Consumer debt levels are indicative of consumer spending habits and financial health. While some level of consumer debt is normal and can drive economic growth, excessively high levels of debt can be concerning. High consumer debt might lead to reduced consumer spending, as individuals divert more of their income towards debt payments instead of discretionary purchases. In such cases, companies reliant on consumer spending may experience decreased revenues and profits, potentially resulting in lower stock prices. As an investor, it’s crucial to monitor consumer debt levels, especially in sectors highly dependent on consumer expenditure, to assess potential risks in your portfolio.

4. Interest Rates:

Central bank interest rates play a significant role in influencing economic activity, including borrowing costs for businesses and consumers. When interest rates are low, borrowing becomes cheaper, encouraging businesses to invest in expansion and consumers to make large purchases. This environment often leads to increased corporate profits and rising stock prices. Conversely, when interest rates rise, borrowing becomes more expensive, potentially slowing down economic activity. Rising interest rates can lead to decreased consumer spending and reduced corporate earnings, which may result in declining stock prices. As an investor, understanding the central bank’s interest rate decisions is crucial, as it can impact various sectors and your investment portfolio’s overall performance.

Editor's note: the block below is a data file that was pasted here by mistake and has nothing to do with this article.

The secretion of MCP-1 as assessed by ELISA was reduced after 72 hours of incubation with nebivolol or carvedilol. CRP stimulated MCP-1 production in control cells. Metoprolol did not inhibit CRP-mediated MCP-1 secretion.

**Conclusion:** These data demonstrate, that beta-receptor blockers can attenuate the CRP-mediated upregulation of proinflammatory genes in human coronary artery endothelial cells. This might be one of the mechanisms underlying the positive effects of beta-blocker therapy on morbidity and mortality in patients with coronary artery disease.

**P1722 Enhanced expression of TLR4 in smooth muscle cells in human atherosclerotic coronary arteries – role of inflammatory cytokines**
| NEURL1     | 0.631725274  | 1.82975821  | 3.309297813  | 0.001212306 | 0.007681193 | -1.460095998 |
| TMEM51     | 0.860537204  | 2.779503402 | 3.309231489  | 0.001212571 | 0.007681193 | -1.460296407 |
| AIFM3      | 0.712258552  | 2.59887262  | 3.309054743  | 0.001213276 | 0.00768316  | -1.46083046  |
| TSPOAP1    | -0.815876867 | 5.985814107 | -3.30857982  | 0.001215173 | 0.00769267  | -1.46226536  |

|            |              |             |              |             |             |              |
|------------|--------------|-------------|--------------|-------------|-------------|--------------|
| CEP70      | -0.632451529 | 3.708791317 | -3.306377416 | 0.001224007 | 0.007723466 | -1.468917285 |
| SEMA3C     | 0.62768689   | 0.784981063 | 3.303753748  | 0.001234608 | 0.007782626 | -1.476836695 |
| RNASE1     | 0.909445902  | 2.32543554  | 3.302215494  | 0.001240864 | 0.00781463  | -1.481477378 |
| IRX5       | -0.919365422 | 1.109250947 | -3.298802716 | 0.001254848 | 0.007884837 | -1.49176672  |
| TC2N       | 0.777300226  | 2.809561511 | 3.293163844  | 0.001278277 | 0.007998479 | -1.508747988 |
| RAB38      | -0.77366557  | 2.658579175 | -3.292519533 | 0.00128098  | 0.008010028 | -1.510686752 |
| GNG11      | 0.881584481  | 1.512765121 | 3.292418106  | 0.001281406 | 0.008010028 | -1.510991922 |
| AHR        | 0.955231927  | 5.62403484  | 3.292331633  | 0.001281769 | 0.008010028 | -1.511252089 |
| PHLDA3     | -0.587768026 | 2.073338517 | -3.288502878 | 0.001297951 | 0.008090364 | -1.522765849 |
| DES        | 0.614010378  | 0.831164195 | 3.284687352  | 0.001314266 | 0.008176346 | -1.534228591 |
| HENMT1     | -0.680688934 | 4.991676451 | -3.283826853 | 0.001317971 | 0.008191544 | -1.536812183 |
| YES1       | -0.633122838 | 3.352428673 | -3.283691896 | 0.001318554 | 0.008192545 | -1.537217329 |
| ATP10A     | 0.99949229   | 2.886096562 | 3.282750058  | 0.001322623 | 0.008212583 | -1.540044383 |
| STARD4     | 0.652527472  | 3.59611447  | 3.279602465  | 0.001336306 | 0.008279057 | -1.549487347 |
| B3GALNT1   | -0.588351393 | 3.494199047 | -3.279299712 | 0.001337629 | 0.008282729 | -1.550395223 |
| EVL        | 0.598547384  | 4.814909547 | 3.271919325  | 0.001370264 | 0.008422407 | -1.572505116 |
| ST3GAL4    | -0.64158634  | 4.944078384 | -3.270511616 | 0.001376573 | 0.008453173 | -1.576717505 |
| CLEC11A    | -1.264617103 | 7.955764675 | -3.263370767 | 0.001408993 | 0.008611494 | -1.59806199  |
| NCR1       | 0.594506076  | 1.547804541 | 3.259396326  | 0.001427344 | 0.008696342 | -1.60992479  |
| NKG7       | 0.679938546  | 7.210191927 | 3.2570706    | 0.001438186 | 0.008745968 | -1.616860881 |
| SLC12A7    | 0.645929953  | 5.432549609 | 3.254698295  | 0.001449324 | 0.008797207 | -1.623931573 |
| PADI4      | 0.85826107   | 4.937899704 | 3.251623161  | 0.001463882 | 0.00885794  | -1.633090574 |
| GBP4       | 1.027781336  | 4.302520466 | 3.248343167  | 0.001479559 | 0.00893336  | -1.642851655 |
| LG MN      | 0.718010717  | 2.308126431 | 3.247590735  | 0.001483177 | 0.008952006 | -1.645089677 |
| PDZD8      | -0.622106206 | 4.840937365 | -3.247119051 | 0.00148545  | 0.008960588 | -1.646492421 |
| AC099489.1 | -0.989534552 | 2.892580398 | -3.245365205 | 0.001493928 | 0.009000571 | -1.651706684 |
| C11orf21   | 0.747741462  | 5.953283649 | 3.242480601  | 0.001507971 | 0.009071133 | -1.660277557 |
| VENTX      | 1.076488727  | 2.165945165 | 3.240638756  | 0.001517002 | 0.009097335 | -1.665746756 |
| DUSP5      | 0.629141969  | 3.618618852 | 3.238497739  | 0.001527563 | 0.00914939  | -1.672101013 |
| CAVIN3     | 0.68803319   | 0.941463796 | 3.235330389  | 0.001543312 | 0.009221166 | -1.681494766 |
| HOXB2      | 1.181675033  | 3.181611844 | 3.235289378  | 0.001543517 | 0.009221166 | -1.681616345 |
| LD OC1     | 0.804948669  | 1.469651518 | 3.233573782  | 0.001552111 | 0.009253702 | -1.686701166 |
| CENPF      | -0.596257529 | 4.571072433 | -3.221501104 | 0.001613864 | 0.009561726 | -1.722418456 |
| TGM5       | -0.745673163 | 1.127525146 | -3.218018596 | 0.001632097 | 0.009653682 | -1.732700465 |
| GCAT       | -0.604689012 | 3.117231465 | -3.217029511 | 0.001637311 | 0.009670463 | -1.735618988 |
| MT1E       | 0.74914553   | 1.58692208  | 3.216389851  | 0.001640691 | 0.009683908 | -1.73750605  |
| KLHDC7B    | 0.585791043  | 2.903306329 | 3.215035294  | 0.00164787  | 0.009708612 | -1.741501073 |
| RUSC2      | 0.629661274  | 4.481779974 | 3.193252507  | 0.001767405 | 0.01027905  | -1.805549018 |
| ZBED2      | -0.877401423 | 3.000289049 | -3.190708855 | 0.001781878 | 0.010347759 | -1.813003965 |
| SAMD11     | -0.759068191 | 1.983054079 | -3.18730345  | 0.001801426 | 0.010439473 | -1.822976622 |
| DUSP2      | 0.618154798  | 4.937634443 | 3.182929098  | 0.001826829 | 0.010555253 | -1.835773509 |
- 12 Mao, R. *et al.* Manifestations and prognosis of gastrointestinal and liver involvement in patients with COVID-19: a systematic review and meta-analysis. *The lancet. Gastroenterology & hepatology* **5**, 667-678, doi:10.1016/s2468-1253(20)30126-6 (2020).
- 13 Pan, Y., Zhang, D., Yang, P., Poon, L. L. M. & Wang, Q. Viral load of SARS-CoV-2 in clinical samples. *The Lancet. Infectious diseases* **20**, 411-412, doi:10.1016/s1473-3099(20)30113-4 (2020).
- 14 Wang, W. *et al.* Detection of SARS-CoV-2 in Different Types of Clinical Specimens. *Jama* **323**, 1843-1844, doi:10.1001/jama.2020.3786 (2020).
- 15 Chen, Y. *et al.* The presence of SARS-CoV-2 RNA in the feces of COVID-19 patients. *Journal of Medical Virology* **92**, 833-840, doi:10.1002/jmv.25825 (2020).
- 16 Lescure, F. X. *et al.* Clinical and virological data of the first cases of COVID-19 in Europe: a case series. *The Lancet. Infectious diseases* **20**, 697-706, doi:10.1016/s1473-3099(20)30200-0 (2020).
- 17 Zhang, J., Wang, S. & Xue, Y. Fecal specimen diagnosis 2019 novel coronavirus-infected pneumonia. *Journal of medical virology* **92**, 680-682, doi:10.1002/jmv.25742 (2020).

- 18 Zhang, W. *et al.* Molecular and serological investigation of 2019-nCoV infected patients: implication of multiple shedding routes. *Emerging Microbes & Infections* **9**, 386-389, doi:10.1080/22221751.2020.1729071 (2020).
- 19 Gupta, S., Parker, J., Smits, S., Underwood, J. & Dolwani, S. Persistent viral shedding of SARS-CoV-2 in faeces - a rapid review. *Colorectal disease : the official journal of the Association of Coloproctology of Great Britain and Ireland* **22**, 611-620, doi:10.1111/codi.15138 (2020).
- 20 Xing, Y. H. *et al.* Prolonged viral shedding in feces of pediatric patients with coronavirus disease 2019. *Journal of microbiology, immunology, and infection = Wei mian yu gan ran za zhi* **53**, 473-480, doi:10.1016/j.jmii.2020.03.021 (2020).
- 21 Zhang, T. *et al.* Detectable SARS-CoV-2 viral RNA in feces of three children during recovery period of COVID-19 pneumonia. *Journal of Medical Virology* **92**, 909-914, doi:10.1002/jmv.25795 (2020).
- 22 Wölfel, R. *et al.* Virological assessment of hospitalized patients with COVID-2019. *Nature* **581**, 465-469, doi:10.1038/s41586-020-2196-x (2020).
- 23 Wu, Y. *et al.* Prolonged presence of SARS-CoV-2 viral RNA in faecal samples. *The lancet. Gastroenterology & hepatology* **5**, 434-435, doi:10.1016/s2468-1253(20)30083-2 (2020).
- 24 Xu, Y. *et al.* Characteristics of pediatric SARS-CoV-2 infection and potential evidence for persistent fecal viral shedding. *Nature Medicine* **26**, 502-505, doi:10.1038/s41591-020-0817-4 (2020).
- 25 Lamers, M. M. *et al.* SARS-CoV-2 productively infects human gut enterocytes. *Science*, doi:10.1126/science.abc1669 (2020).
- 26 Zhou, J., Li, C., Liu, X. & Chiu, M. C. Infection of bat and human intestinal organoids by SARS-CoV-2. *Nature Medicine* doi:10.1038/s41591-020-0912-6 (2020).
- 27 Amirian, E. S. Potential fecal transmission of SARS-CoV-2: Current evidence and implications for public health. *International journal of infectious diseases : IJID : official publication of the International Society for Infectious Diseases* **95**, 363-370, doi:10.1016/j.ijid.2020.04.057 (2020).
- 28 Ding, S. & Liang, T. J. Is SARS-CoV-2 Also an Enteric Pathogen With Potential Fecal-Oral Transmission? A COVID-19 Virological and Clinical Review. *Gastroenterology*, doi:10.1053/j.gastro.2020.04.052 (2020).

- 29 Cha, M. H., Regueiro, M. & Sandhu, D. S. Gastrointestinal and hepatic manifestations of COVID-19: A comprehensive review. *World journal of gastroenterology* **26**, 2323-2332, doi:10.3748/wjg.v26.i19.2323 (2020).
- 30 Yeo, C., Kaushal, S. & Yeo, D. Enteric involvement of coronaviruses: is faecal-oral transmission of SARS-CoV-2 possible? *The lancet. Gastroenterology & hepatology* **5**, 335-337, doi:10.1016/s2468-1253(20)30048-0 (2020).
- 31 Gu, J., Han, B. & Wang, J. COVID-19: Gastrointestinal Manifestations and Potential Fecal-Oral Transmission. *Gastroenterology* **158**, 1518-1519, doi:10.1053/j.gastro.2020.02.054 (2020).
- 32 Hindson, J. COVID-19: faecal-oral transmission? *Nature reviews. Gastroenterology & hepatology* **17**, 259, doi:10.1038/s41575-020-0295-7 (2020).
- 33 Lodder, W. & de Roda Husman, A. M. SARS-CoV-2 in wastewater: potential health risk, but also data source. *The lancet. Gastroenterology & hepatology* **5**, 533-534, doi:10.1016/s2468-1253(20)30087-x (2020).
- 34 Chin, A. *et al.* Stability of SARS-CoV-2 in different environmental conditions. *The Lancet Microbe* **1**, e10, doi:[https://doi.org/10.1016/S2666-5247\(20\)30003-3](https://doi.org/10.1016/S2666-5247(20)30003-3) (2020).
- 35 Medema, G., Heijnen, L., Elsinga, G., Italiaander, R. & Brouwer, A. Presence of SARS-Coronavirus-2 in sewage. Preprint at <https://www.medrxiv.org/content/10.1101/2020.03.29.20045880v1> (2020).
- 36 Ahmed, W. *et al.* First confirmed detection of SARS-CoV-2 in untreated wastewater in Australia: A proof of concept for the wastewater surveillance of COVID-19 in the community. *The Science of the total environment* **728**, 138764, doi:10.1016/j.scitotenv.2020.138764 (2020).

By staying informed about these indicators and their implications for the economy, you can make well-informed decisions about your investments, adjusting your portfolio strategy to align with changing economic conditions and potentially mitigating risks.

  • Coincident Indicators:

Coincident indicators change at the same time as the overall economy, providing a current snapshot of economic activity. Examples include:

1. Gross Domestic Product (GDP):

GDP is a comprehensive measure of a country’s economic performance. A growing GDP generally signifies a healthy economy. When the GDP is expanding, businesses tend to experience higher revenues and profits. This economic growth often leads to increased investor confidence and rising stock prices. As an investor, monitoring GDP growth rates can provide insights into the overall market conditions. During periods of robust GDP growth, sectors like technology, consumer goods, and industrials tend to perform well, making them potential areas for investment.

2. Industrial Production: